Website Translation Best Practices

Ensure your website is accessible on a global scale

Use the tools built into WordPress

Translation can be a bit of a grey area in web development. You want your site to be as accessible as possible, but how do you go about it? Thankfully, WordPress comes with various tools to translate your site into just about as many languages as you want. Even if you only target users from a specific country, there can be value in taking the time to make your site readable to those who speak different languages within that country, or neighboring countries where your products or service may still be an option.

Text domains for plugins

Most big plugin and theme developers come with translations already included. They do this by combining the way they have their files display content, and a folder of files specifically designed to translate that content into different languages. Some of the biggest developers, like those for WooCommerce, have professional translations done for their solutions as well. But even a translation done through Google Translate is better than nothing, and can often suffice in smaller-scale projects especially.

This is ideal for performance, since the files live directly on the site and can interact with the user’s browser to serve the proper language. But what can you do if the developers don’t provide the language need? Good news: you can add your own files to the mix as well! Using a tool like Poedit empowers you to find these strings called out in the code, and either import or manually add translations on a per-line basis.

Adding these domains to custom plugins

Developing your own plugin, or just curious about how this is done? Plugins and themes allow you to set a “text domain” in their configuration. This lets programs like Poedit know how to categorize the text, and enables that same software to target the strings throughout the code.

All you have to do while developing is, whenever your code echos or renders readable content that appears on the frontend or admin, put that string inside a function that allows you to specify a text domain. There’s a WordPress function that’s just two underscores that allows you to specify a text domain for the content within, like:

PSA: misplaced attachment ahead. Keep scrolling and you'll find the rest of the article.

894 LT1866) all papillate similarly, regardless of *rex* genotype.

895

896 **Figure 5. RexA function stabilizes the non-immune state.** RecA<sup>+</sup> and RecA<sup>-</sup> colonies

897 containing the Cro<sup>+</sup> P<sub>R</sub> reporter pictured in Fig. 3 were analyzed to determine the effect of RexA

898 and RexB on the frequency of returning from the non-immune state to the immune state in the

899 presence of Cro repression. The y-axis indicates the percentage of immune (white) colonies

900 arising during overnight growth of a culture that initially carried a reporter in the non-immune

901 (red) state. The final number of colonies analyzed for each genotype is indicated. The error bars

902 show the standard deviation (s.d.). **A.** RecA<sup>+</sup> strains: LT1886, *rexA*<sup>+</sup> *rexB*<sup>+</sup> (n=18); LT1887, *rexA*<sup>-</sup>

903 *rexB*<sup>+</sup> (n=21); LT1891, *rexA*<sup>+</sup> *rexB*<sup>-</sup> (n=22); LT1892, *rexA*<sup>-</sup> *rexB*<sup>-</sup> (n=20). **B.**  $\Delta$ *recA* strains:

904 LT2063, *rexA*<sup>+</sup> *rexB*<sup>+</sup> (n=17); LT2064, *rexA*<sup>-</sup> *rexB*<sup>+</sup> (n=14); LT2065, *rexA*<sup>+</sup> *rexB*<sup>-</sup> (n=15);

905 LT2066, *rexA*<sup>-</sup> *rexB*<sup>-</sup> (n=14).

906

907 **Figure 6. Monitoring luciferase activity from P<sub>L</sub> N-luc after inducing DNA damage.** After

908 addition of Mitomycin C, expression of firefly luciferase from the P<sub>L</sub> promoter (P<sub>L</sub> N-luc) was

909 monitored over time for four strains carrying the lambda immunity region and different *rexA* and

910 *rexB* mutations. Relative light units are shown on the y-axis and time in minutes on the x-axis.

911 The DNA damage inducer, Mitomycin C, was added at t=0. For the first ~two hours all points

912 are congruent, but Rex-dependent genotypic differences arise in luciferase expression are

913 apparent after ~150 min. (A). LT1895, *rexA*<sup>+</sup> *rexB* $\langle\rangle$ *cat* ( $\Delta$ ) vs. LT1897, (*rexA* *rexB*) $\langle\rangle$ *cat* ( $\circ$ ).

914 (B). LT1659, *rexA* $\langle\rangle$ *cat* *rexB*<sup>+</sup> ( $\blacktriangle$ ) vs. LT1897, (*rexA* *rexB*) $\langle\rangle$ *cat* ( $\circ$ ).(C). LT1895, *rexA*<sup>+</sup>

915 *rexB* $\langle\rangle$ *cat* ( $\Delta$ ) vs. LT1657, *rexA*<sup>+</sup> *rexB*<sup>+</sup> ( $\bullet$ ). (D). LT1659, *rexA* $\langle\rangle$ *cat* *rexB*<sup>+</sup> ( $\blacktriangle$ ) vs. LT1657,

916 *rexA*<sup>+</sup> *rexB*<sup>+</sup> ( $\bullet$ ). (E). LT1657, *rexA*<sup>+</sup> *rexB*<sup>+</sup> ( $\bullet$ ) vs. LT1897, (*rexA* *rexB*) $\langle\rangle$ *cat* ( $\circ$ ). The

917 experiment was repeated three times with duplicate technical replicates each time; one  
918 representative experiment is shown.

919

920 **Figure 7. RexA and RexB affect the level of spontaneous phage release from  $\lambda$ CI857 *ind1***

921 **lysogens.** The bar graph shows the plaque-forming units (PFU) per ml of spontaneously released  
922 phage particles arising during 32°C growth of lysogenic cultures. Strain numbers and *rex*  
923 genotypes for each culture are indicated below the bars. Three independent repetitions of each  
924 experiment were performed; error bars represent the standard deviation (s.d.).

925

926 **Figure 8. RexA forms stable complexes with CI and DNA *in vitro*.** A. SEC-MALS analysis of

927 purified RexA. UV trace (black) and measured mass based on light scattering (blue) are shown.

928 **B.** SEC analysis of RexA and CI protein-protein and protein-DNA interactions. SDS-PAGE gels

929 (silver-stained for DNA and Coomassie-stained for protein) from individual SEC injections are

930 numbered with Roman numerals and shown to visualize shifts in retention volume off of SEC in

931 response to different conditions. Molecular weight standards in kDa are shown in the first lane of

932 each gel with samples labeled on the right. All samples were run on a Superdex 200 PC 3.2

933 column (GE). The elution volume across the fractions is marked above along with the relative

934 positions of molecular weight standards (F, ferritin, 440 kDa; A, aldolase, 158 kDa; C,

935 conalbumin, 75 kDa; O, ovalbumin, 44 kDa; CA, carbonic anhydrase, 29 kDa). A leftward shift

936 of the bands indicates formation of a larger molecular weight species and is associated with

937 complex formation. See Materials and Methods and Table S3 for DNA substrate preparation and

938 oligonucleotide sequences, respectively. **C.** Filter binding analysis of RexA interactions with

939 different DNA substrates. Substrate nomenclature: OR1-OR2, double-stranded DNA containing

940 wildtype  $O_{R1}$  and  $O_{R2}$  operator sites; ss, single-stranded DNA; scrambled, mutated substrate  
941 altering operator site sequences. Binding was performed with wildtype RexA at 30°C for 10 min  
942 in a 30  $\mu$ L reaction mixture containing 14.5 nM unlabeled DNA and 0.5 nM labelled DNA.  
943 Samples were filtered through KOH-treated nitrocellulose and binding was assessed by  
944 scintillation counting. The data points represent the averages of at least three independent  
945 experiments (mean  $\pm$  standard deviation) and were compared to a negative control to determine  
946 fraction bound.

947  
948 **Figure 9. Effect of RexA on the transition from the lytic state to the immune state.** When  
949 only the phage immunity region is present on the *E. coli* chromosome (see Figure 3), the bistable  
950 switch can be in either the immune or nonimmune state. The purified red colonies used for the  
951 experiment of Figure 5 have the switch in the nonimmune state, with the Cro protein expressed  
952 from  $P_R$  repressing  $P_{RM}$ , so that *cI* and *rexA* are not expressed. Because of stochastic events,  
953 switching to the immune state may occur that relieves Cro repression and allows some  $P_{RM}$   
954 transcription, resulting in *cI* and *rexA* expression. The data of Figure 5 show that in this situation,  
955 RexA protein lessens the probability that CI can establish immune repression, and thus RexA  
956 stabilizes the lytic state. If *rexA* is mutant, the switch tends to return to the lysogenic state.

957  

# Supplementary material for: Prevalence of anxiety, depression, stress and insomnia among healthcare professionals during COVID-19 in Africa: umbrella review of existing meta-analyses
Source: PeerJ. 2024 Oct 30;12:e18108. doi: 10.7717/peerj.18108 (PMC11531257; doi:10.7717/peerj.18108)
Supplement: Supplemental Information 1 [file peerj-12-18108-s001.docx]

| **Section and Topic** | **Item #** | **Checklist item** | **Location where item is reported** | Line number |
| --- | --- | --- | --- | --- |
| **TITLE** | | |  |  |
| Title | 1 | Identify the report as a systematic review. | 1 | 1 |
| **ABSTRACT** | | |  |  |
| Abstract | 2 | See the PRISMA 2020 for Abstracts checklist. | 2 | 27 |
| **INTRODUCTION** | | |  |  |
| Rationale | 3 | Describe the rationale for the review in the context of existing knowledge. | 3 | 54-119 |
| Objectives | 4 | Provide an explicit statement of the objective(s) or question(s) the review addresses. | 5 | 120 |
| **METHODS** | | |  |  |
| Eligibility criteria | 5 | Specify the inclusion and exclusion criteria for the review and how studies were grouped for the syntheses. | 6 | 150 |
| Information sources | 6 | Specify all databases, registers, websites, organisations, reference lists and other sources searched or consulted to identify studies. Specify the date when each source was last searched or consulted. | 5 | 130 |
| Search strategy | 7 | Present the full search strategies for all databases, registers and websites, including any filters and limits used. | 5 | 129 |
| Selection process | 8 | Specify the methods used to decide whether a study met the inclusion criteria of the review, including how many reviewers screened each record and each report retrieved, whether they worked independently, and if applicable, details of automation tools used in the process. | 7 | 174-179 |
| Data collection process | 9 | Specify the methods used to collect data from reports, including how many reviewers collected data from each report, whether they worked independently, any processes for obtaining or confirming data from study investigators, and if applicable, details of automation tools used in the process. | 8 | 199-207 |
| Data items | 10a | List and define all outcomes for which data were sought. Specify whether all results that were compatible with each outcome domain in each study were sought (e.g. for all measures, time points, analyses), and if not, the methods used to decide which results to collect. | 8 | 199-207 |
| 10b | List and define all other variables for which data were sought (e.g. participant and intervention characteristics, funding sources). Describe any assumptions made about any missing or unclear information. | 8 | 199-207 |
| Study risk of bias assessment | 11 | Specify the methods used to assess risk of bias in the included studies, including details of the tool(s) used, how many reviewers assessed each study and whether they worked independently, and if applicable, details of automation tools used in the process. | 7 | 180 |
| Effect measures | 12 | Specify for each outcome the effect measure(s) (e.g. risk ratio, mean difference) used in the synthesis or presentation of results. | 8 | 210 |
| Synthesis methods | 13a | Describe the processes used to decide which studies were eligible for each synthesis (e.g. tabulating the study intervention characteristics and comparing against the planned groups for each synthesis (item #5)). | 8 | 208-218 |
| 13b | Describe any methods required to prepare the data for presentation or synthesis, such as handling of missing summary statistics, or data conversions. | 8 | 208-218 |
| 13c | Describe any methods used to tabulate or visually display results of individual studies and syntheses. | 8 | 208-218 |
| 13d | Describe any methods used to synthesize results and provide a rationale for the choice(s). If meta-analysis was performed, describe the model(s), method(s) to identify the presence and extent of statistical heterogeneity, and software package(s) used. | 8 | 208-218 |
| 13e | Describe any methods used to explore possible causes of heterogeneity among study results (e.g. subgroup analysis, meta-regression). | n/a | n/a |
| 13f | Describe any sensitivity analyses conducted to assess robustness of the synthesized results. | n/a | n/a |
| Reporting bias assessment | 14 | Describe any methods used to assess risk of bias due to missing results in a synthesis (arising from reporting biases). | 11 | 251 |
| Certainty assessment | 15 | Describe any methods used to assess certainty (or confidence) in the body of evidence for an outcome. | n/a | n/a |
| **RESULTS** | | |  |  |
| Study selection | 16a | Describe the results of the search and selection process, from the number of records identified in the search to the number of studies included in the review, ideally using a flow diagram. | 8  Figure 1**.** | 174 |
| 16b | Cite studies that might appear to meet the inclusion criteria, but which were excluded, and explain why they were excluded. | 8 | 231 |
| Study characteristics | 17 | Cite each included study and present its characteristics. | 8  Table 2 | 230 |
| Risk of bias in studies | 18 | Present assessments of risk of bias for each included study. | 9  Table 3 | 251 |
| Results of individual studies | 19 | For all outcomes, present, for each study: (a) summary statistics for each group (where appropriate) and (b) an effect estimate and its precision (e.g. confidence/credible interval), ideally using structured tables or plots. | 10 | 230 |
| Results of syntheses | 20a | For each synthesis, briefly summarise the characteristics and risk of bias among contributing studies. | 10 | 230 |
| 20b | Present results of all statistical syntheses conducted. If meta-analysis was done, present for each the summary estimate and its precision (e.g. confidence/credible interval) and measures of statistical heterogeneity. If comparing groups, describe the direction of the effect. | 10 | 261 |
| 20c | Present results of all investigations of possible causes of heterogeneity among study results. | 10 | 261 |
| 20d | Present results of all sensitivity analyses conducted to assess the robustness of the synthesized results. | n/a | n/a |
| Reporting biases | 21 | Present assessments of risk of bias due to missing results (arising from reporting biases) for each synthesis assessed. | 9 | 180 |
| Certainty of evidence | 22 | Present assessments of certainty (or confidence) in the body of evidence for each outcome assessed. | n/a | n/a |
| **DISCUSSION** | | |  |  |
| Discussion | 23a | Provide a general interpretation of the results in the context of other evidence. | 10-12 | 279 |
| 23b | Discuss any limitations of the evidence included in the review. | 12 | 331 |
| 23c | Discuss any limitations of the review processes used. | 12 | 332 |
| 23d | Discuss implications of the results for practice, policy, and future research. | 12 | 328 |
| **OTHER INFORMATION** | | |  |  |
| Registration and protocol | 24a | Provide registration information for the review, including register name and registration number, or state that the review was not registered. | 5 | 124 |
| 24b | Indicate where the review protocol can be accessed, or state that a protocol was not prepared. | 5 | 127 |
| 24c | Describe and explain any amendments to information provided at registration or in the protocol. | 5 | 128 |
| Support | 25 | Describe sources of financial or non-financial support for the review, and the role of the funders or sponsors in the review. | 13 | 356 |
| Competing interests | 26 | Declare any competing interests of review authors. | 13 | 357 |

echo __( 'Some custom text.' , 'customdomain');

There are other options for this that include security escaping, too. esc_attr__() and esc_html__() are a couple of examples, and there are even functions that specify that the content should be echoed like esc_attr_e(), esc_html_e(), and even just _e() if you don’t need any escaping done. Use whatever fits best for the content you want to call out for translation capabilites.

Other solutions, as well as page content

While the above methods with dedicated files are certainly ideal, they’re not always possible. There’s the chance that the developers of the solution you chose to use didn’t develop in this way. This method also doesn’t cover absolutely everything, as you may want the actual content or your pages or post to be translated as well. Thankfully, there are still solutions for translating this content as well!

While it’s not as smooth and light for performance, plugins like WP Translate and Loco Translate can target any string on the site whether it’s in a plugin or just the content on the site. If you’re opting for Google Translate, there’s even a plugin called GTranslate that can run essentially the entire frontend of your website through that handy tool, though it’s not as conducive for any manual corrections or entries. These plugins then allow you to translate that content, either automatically or manually, and serve the altered content depending on where your users are visiting your website from.

Need help translating getting your site translated? Don’t hesitate to reach out to us for assistance! We’ve worked with clients around the world, and would be happy to help make your site accessible to as many people around the globe as possible.